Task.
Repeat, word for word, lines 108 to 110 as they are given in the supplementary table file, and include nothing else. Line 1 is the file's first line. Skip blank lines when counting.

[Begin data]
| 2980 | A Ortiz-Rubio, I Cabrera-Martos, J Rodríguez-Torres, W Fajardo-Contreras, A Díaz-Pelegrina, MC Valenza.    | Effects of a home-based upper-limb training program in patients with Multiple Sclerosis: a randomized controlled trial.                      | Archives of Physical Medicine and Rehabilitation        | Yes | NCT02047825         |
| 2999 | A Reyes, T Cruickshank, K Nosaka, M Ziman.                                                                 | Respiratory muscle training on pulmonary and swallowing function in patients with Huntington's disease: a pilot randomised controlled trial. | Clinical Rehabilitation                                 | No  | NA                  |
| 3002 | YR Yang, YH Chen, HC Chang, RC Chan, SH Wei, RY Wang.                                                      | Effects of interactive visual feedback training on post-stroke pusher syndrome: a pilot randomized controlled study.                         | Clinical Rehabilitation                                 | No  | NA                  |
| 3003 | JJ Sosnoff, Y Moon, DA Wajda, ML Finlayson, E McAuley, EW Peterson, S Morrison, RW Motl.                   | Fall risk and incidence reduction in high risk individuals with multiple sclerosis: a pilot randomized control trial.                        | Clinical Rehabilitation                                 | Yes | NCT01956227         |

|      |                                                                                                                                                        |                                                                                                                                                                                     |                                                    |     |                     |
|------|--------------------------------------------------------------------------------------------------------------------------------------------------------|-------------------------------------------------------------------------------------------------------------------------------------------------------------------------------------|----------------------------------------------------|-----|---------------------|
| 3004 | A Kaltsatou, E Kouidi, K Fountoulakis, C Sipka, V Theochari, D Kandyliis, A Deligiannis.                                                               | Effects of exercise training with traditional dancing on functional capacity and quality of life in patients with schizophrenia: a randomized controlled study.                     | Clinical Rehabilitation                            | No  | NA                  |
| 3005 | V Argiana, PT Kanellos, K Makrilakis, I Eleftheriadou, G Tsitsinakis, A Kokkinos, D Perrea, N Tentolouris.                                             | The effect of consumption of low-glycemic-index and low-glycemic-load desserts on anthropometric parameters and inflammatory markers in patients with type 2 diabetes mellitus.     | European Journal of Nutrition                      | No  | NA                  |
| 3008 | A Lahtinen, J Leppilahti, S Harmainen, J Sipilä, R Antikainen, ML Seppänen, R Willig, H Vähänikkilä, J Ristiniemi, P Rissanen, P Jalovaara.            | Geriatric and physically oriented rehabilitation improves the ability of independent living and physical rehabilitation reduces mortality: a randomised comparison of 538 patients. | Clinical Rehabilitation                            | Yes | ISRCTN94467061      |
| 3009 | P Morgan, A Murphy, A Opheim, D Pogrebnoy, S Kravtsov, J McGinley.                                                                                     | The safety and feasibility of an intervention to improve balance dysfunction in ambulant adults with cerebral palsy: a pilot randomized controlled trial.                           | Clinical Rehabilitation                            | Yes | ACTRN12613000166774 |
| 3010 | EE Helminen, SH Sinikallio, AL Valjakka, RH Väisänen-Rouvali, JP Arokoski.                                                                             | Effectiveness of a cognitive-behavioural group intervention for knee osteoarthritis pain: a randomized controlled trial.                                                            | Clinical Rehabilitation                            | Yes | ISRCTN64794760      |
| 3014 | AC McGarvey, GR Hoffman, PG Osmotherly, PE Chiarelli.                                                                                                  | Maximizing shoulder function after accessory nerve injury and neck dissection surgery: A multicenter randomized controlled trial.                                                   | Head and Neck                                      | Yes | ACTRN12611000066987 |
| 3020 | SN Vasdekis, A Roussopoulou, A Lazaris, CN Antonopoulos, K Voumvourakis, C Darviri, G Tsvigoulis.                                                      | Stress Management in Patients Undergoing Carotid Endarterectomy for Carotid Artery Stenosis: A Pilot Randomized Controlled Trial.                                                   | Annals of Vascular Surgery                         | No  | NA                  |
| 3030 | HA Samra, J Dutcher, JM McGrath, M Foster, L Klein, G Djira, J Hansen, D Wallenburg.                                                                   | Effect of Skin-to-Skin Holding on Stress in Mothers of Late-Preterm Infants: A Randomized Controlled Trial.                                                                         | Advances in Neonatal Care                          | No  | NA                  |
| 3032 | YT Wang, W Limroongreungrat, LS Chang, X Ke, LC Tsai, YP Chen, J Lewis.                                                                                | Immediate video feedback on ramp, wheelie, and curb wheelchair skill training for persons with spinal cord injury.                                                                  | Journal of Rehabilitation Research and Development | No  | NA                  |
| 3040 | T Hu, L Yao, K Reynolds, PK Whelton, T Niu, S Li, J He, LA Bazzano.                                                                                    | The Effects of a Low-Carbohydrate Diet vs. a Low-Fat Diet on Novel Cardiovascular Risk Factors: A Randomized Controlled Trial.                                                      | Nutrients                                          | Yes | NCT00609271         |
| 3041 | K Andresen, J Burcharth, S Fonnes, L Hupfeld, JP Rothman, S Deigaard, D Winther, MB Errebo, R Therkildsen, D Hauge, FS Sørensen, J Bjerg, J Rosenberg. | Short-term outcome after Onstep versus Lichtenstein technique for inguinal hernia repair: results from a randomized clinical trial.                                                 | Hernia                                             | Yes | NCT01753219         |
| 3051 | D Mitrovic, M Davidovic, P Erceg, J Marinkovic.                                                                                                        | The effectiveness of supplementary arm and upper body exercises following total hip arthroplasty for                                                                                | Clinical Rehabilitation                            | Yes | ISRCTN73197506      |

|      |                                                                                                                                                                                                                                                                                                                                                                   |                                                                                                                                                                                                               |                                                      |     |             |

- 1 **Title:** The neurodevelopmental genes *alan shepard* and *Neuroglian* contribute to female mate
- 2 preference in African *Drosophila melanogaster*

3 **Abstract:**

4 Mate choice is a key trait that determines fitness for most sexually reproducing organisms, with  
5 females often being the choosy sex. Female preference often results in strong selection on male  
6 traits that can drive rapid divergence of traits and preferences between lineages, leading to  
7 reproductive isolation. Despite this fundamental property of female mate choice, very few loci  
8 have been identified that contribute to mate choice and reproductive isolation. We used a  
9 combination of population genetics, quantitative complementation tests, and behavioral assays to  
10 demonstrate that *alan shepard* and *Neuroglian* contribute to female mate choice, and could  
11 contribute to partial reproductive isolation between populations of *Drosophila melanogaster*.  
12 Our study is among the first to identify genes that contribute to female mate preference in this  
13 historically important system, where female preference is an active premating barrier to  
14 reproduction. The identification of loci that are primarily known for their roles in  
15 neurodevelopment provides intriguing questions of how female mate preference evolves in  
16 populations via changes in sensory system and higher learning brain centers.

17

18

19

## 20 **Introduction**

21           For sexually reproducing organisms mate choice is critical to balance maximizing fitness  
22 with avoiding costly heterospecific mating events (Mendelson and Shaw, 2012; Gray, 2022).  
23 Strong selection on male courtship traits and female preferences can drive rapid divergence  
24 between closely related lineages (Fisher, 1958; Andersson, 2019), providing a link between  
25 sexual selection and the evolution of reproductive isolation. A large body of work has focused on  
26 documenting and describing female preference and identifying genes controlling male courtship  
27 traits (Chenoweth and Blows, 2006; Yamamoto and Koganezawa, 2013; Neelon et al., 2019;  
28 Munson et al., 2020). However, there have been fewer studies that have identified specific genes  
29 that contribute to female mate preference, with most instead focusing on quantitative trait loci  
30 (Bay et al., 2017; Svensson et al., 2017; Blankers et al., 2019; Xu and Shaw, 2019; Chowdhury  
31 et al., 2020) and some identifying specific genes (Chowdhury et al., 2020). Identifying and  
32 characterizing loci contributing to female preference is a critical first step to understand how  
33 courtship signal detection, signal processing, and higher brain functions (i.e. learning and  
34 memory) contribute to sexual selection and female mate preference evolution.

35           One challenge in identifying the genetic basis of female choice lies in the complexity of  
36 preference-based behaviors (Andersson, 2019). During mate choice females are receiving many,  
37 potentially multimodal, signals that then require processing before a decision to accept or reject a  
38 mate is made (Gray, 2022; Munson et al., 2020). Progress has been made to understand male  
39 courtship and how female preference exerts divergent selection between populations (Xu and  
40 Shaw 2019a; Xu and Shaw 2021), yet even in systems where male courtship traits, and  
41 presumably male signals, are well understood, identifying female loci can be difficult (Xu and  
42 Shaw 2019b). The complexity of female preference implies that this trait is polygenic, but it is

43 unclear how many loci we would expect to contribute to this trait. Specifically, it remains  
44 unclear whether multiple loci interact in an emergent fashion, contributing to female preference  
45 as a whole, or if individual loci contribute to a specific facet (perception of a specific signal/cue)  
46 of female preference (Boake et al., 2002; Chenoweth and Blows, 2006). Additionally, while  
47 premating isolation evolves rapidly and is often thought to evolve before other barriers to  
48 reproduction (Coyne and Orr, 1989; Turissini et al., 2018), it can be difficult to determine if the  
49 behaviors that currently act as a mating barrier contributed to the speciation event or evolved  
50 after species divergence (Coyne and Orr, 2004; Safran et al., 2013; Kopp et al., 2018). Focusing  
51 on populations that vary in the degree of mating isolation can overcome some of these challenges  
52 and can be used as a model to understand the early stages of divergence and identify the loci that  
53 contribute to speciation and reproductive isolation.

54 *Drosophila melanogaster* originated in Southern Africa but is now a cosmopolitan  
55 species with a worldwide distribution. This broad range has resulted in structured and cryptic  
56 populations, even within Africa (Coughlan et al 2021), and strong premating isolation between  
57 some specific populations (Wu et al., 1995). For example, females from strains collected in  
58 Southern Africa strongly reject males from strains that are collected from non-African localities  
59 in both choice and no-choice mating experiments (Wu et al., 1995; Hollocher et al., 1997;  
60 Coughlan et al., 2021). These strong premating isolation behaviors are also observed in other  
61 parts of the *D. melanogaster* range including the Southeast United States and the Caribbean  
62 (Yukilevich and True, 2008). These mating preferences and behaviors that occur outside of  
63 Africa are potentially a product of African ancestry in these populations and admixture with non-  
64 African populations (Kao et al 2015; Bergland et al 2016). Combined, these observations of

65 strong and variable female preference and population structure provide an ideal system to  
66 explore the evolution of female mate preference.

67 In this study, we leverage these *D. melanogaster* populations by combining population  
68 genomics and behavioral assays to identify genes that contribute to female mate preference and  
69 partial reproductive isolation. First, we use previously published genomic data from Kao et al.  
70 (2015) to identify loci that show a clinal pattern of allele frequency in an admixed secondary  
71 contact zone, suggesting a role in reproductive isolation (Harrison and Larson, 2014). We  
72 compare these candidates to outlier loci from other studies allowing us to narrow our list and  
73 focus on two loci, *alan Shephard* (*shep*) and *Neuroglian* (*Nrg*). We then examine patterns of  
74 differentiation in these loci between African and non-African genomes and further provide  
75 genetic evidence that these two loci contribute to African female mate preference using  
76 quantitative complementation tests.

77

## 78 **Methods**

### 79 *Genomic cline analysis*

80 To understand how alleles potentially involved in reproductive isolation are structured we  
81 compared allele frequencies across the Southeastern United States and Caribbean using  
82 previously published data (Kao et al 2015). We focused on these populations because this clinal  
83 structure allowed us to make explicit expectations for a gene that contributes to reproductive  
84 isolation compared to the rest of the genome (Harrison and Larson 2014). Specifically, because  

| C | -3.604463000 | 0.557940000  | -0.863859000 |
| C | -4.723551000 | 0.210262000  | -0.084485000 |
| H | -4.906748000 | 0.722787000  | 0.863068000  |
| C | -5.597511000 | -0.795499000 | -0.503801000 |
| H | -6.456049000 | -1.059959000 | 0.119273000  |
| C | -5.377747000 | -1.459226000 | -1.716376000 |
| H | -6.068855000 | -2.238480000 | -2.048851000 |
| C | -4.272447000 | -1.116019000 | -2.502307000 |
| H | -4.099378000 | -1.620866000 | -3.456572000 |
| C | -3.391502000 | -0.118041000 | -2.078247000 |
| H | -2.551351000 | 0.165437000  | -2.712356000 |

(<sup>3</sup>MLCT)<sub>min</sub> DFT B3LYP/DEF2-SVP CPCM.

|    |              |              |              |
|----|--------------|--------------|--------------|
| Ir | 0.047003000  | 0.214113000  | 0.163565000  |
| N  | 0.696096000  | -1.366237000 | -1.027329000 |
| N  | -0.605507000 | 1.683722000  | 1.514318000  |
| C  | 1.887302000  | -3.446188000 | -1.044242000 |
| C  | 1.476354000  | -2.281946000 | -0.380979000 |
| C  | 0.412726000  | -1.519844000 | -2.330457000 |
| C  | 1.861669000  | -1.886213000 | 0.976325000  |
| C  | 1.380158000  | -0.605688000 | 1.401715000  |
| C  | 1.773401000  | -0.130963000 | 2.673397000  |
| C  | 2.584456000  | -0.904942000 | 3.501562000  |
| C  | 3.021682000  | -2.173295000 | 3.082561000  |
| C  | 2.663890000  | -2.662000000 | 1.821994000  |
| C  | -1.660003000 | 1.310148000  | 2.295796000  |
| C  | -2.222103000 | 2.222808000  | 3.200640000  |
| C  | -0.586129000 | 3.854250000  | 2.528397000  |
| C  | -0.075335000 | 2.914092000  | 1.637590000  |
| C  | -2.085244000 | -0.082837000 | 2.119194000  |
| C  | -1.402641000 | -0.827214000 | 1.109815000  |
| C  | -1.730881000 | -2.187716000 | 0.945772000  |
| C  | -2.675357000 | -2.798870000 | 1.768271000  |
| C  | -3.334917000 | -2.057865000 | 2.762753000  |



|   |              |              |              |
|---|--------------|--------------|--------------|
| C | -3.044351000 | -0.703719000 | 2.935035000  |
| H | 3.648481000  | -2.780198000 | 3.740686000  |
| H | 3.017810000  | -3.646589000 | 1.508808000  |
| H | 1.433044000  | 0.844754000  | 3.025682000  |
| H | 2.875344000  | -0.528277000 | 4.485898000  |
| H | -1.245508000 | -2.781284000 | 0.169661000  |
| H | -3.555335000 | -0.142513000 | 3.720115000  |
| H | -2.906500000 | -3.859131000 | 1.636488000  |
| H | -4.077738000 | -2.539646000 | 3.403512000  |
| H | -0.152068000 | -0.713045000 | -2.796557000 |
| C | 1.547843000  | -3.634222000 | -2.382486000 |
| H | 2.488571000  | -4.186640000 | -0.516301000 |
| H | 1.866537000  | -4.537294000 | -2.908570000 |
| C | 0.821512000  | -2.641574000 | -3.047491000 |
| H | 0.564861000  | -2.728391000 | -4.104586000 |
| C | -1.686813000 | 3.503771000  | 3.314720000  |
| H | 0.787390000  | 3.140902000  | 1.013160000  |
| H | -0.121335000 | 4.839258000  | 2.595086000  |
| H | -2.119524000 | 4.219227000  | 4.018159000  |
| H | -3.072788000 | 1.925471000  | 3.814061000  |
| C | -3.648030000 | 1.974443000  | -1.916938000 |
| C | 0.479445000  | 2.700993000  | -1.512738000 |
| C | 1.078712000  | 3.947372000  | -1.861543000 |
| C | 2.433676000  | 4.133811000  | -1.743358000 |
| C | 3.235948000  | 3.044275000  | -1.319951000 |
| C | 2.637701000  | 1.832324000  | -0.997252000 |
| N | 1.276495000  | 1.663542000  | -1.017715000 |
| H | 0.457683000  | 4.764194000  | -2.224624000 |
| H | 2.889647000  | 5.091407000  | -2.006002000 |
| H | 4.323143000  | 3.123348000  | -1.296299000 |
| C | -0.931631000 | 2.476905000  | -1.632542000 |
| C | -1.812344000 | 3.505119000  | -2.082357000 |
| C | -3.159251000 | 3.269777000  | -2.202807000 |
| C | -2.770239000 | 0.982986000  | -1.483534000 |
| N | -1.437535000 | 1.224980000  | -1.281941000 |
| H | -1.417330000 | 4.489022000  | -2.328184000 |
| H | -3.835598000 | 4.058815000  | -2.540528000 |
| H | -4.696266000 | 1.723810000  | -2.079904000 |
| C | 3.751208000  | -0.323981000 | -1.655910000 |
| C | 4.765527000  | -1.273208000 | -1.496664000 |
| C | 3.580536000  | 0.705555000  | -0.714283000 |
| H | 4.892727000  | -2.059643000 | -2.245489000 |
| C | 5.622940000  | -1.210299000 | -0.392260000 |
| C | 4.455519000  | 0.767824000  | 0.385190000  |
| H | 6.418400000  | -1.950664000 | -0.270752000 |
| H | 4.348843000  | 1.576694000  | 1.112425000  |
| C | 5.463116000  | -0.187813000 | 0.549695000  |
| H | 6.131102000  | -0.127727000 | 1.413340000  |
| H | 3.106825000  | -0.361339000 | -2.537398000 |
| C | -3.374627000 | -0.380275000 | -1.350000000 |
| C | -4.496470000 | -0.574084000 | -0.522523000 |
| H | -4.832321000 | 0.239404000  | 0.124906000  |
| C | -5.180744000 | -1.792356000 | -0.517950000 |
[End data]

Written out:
| H | -6.456049000 | -1.059959000 | 0.119273000  |
| C | -5.377747000 | -1.459226000 | -1.716376000 |
| H | -6.068855000 | -2.238480000 | -2.048851000 |